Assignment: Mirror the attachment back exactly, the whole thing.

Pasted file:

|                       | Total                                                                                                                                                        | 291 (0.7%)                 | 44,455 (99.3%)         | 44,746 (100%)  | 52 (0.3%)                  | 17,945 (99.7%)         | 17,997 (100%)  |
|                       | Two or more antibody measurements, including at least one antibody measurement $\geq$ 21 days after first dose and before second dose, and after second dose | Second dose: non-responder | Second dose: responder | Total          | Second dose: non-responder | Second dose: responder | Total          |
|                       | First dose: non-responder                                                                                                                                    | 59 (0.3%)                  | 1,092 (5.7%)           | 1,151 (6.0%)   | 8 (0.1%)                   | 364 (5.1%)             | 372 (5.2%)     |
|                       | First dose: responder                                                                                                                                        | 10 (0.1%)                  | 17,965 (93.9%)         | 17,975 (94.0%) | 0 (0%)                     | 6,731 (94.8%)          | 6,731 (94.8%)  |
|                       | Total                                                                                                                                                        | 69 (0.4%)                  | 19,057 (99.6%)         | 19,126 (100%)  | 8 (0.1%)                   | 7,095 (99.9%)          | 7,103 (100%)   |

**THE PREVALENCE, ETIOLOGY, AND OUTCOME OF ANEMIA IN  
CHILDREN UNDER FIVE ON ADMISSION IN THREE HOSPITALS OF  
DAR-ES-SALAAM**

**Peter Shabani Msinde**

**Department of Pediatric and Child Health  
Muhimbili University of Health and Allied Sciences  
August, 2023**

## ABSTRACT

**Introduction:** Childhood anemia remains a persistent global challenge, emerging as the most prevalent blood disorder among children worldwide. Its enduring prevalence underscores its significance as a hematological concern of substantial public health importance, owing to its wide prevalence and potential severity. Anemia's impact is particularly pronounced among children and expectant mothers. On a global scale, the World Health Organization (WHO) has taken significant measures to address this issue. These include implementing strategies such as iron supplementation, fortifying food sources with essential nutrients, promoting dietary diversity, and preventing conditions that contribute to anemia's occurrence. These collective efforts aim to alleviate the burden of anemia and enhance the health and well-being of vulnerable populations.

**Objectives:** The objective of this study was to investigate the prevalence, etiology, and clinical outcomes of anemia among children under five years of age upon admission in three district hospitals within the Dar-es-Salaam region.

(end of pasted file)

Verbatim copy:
|                       | Total                                                                                                                                                        | 291 (0.7%)                 | 44,455 (99.3%)         | 44,746 (100%)  | 52 (0.3%)                  | 17,945 (99.7%)         | 17,997 (100%)  |
|                       | Two or more antibody measurements, including at least one antibody measurement $\geq$ 21 days after first dose and before second dose, and after second dose | Second dose: non-responder | Second dose: responder | Total          | Second dose: non-responder | Second dose: responder | Total          |
|                       | First dose: non-responder                                                                                                                                    | 59 (0.3%)                  | 1,092 (5.7%)           | 1,151 (6.0%)   | 8 (0.1%)                   | 364 (5.1%)             | 372 (5.2%)     |
|                       | First dose: responder                                                                                                                                        | 10 (0.1%)                  | 17,965 (93.9%)         | 17,975 (94.0%) | 0 (0%)                     | 6,731 (94.8%)          | 6,731 (94.8%)  |
|                       | Total                                                                                                                                                        | 69 (0.4%)                  | 19,057 (99.6%)         | 19,126 (100%)  | 8 (0.1%)                   | 7,095 (99.9%)          | 7,103 (100%)   |

**THE PREVALENCE, ETIOLOGY, AND OUTCOME OF ANEMIA IN  
CHILDREN UNDER FIVE ON ADMISSION IN THREE HOSPITALS OF  
DAR-ES-SALAAM**

**Peter Shabani Msinde**

**Department of Pediatric and Child Health  
Muhimbili University of Health and Allied Sciences  
August, 2023**

## ABSTRACT

**Introduction:** Childhood anemia remains a persistent global challenge, emerging as the most prevalent blood disorder among children worldwide. Its enduring prevalence underscores its significance as a hematological concern of substantial public health importance, owing to its wide prevalence and potential severity. Anemia's impact is particularly pronounced among children and expectant mothers. On a global scale, the World Health Organization (WHO) has taken significant measures to address this issue. These include implementing strategies such as iron supplementation, fortifying food sources with essential nutrients, promoting dietary diversity, and preventing conditions that contribute to anemia's occurrence. These collective efforts aim to alleviate the burden of anemia and enhance the health and well-being of vulnerable populations.

**Objectives:** The objective of this study was to investigate the prevalence, etiology, and clinical outcomes of anemia among children under five years of age upon admission in three district hospitals within the Dar-es-Salaam region.